SACTCG Waterwatch Autumn 2023 Catchment Update

The view from Coordinator’s desk

Rainfall statistics courtesy of Bureau of Meteorology

We launched the 2022 Catchment Health Indicators Program report on World Water day in March. If you have not had time to look at it yet head to this link .
Many good folk joined me to see what the year would bring for little water crawlies. Exposés of our findings are below.

Cheers,  Martin Lind

Waterwatch Coordinator

Volunteer update

Newbies this season include Louis and Sam Autumn. (I noticed the appropriateness of their last name too) who have adopted the Murrumbidgee at Uriarra Crossing. Barbara Mackin retired from monitoring there last February after 8 solid years. Alannah Wood and Sabrina Doelle, ex Lake Tuggeranong College Sustainability Unit students, have joined Sharae Hurley to help at Point Hut Pond.  A new team from the ANU headed up by Caitlin Horne and Sarah Davis took some the load of Richard Bland by taking on the Murrumbidgee at Pine Island. David Cahill retired from monitoring the Orroral River for us. He hadn’t been able to get to his sites for 6 months due the road closure.

Who are the big 3?

Mayfly Nymph
Stonefly nymph
Caddisfly Larvae

The most pollution sensitive waterbugs include the nymphs of stoneflies, mayflies and the larvae of caddisflies.

Together they are referred to as EPTs

(Ephemeroptera, Plecoptera, Trichoptera) after their taxonomic Orders.
When we find all 3 at a site it is an indication of good water quality and aquatic habitat.

Around the Rivers and Creeks

Scott Powers at the Naas River

The Murrumbidgee river had a diverse waterbug population at Angle Crossing and Pine island but this shrank the further we went downstream. There were no stonefly nymphs but masses of water boatmen, a very tough water insect.
The Cotter river had lots of EPTs at Vanity’s Crossing reflecting the great water quality and habitiat. Below the big dam there were only a few stonefly nymphs and most of the bug population comprised of blackfly larvae that are only found in places with fast flowing water. The upper Cotter river, above Corin Dam was still inaccessible over autumn. At Paddy’s river all the EPTs were there but the catch mostly comprised of caddisfly larvae. Naas river has good diversity with hundreds of sensitive bugs, mostly mayfly nymphs, but no stoneflies. The Gudgenby river had EPTs and lot and lots of blackfly larvae reflecting the high flows of recent months.
Tuggeranong  creek had the EPT gang at top lots of mayfly and blackfly. Down below the lake there were, masses of net weaving caddis, the only sensitive bug and masses of tough water boatmen
Up in Gibraltar creek there were lots of EPT including 10 families of caddisflies. This creek is often the jewel in the crown.  Guises creek had a good number of mayfly and caddisfly along with lots of blackflies and water boatmen.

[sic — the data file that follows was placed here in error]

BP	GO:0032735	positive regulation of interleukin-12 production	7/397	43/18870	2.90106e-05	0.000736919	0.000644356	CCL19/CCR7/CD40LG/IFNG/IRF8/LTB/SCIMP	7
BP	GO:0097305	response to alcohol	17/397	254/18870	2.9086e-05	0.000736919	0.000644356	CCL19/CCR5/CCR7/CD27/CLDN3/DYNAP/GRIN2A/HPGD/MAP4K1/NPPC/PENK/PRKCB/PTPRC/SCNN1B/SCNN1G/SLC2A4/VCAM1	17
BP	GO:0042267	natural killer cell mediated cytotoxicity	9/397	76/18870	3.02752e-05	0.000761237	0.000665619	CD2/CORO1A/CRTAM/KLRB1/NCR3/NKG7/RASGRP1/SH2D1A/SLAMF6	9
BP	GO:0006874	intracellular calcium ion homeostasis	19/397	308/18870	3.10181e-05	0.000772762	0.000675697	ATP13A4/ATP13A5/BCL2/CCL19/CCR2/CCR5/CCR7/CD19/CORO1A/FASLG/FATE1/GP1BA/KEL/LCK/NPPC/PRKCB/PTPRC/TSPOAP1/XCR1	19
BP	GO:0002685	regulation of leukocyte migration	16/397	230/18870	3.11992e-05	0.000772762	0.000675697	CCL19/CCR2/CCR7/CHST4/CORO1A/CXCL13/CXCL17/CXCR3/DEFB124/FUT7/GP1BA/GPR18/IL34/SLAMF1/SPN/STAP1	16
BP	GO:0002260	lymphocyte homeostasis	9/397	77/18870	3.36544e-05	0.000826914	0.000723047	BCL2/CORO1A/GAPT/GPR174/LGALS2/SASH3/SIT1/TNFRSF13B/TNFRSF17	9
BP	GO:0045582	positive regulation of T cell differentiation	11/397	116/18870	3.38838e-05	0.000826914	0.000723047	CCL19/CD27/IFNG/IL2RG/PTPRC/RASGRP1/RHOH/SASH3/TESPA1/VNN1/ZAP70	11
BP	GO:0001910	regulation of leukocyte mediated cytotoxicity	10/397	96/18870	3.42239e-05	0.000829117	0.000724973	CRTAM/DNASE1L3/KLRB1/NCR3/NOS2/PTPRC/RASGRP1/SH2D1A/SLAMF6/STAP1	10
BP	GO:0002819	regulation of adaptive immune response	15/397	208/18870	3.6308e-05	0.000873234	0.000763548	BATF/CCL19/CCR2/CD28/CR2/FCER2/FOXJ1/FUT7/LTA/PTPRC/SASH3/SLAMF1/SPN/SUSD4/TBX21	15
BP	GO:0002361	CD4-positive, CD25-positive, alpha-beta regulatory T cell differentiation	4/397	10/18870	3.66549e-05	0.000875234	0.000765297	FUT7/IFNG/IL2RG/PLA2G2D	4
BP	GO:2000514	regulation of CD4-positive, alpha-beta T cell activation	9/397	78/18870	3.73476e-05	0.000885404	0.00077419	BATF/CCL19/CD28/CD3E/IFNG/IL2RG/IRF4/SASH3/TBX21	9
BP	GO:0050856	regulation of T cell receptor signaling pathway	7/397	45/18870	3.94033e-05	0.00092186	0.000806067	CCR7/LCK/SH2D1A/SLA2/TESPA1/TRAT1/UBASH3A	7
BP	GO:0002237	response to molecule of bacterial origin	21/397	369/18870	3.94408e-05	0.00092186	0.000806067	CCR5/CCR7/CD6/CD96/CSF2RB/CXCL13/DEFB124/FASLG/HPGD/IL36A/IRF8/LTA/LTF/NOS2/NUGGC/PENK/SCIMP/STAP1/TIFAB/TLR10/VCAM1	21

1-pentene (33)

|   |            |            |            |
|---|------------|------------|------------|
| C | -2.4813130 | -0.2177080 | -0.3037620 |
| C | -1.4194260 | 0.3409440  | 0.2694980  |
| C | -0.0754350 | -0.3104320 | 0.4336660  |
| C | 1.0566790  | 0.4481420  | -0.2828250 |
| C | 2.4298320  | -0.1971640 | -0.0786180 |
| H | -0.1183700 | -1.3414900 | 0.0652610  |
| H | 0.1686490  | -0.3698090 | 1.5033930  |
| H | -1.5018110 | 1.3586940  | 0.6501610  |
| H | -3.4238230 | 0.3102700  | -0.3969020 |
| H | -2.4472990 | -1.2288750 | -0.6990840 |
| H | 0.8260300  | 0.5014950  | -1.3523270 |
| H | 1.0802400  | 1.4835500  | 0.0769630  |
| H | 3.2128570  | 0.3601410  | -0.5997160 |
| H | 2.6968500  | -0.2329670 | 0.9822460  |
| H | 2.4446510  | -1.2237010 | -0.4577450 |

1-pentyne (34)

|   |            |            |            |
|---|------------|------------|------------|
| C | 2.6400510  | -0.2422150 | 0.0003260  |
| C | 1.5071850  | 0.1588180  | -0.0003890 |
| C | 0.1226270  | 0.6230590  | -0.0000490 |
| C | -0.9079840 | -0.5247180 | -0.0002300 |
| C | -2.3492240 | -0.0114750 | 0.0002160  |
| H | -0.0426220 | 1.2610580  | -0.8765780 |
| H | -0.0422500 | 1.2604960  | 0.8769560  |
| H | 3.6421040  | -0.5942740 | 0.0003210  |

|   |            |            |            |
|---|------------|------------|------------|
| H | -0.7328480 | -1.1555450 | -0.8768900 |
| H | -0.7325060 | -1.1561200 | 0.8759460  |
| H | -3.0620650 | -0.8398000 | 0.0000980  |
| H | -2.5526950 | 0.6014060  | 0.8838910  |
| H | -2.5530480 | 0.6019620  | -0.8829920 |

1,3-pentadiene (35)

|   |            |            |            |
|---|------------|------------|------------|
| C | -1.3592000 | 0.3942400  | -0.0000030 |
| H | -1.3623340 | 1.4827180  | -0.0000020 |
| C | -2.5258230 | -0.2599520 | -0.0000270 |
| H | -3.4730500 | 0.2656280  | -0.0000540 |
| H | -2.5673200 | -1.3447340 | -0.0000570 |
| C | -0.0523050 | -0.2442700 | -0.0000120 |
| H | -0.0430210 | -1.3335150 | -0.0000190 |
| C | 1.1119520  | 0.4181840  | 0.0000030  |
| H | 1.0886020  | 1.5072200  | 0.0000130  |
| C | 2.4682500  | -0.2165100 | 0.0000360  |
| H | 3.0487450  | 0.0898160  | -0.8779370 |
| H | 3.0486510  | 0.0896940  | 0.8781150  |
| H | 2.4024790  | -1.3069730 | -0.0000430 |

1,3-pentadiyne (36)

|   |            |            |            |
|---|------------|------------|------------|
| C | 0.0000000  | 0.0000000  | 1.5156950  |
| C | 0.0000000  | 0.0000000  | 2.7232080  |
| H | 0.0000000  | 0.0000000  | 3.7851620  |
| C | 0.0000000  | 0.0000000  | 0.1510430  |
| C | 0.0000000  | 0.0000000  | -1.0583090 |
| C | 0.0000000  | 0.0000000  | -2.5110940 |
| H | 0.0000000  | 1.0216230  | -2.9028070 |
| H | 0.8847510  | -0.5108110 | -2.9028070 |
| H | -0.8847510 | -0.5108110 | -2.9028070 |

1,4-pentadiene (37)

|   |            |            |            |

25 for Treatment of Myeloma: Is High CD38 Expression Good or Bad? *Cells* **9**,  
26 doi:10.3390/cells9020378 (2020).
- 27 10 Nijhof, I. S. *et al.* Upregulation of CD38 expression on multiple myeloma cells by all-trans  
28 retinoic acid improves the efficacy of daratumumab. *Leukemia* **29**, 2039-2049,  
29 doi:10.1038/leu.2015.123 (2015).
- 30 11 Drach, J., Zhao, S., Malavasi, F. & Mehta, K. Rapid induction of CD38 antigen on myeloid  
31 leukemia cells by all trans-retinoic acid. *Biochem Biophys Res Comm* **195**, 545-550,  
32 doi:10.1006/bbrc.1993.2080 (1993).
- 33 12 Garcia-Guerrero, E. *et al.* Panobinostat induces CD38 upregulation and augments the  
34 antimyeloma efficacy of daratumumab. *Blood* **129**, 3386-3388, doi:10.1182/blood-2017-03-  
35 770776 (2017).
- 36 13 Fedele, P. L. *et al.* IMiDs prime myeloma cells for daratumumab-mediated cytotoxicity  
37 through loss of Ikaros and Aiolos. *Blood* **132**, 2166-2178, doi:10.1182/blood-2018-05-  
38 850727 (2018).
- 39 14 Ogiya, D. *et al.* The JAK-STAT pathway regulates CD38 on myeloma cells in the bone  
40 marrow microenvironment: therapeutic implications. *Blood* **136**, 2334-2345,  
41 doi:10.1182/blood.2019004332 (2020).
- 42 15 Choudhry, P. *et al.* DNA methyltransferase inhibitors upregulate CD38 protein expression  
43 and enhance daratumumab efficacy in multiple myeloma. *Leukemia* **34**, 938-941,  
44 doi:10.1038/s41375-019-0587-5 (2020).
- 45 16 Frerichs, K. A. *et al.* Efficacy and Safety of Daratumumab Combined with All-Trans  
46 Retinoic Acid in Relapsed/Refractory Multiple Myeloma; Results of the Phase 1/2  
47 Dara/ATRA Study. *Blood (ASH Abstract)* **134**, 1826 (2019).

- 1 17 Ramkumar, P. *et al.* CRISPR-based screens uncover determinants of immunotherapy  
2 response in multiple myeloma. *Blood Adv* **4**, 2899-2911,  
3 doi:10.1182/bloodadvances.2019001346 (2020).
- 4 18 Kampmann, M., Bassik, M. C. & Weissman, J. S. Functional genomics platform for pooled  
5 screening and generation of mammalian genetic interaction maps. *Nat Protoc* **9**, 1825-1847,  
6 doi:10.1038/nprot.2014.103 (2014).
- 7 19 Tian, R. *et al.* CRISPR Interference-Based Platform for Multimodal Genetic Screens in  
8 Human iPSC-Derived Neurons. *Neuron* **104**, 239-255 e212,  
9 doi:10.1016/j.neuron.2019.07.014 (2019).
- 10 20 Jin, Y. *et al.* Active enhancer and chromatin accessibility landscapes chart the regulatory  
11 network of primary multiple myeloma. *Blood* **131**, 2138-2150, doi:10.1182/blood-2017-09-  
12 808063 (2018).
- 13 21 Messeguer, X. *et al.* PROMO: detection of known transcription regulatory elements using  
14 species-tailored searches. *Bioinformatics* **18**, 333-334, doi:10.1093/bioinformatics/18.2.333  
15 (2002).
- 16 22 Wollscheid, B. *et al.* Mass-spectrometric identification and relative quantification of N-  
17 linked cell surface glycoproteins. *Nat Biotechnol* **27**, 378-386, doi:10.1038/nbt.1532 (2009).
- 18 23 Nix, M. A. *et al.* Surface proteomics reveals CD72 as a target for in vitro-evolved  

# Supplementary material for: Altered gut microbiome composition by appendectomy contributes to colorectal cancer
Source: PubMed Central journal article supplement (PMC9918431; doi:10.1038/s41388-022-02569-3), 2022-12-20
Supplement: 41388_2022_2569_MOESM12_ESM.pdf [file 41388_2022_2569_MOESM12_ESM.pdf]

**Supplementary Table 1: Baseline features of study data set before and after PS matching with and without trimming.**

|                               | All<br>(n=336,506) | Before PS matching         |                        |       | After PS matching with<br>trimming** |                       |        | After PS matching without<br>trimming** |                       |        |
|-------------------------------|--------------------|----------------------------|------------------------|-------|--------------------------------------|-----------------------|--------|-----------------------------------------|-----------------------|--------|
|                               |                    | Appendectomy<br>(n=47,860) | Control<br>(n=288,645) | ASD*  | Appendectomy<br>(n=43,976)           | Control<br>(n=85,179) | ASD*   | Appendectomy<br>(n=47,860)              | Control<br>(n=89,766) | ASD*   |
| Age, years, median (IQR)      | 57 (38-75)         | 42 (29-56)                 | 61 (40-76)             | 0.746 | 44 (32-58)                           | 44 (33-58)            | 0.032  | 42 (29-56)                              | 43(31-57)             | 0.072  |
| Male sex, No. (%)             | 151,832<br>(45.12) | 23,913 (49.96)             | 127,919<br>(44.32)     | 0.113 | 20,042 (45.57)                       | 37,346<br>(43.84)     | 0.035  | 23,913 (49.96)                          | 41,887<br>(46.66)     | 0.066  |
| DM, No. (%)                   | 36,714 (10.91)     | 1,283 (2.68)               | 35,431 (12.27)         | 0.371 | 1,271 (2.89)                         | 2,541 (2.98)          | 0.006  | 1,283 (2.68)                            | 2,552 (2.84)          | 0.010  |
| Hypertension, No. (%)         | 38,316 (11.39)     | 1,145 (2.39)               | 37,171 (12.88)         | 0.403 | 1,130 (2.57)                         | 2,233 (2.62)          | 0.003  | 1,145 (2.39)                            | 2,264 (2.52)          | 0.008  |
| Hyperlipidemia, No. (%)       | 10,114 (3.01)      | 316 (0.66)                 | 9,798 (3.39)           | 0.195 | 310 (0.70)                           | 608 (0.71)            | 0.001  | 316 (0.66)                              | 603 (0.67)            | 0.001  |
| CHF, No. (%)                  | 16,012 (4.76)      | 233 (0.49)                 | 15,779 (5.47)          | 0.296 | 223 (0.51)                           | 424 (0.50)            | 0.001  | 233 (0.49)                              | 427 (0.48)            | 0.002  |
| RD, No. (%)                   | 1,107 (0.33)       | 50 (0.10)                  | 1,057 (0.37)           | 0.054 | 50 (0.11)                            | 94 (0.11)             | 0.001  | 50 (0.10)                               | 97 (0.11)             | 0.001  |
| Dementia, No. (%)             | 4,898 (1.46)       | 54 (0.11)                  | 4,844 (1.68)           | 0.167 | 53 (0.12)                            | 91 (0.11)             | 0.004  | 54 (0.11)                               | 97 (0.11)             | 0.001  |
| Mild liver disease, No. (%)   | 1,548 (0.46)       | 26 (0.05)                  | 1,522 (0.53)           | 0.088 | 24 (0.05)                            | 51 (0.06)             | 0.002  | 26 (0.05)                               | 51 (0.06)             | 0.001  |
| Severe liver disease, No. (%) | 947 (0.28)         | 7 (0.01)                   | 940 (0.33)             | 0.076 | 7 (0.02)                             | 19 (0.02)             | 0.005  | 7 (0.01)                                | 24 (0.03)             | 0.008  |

Around the Lakes and ponds

Lizzy and Holly in a drain. Yes, we catch bugs there too.

Blue green algal blooms hung around Lake Tuggeranong and Point Hut Ponds last autumn affecting sampling efforts. Lake Tuggeranong had good diversity this time but most it was mostly hundreds of water boatman. There were also a good of numbers of shrimp and snails. In the southern Wetlands was a great diversity again but low numbers. There were quite a few damselfly nymphs. At Isabella Pond there were masses of the pest mosquito fish, water boatmen and quite a few leeches. Point Hut Pond had lots of mosquito fish and water boatmen
Stranger Pond had good diversity with a fair spread over the different pollution tolerances. There were lots of damselfly and dragonfly nymphs.  Kathner dam on Cooleman Ridge had good diversity but the numbers were mostly made up of water boatmen.

Around Tidbinbilla and Namadgi

The Visitor Assist Program team @ Tidbinbilla NR

Namadgi National Park creeks had masses of EPT bug with more diversity in the downstream parts than higher up, probably as a result of bugs being flushed downstream from all the rain. The Naas river in the national park had lots of very sensitive bugs along with freshwater sponges, something I rarely see.
Tidbinbilla Nature Reserve scored the highest diversity of all. But this was mostly tough bugs in the wetlands. Caught were 13 orders including pea clams and gordian worms. The Orroral river was inaccessible over autumn.

Around the schools

This Autumn; Southern Waterwatch hosted a series of sessions with Trinity Christian School’s Yr11 Biology class. I went with the Brindabella Venturers on their autumn pilgrimage to Namadgi NP to check on waterbugs. I began 2 exciting research projects with young scientists as part of the ACT Science Mentors program.  The Waterwatch team at Caroline Chisholm High School passed their QA/QC. I helped the Visitor Assist Program team at Tidbinbilla NR with another ‘World of Waterbugs’ day. Harrison Primary School investigated the waterbugs at their local pond. The ACT Home School association did a riparian and water quality session at a Cooleman Ridge. With help of Jed and Yolandi, John Paul College held a 2 day program at the Cotter. Yolandi and I helped Jed Pearson at Narrabundah College.

Trinity Christian College @ Isabella Pond
A huge thank you to all those groups and individuals involved.

Leave a Reply

Your email address will not be published. Required fields are marked *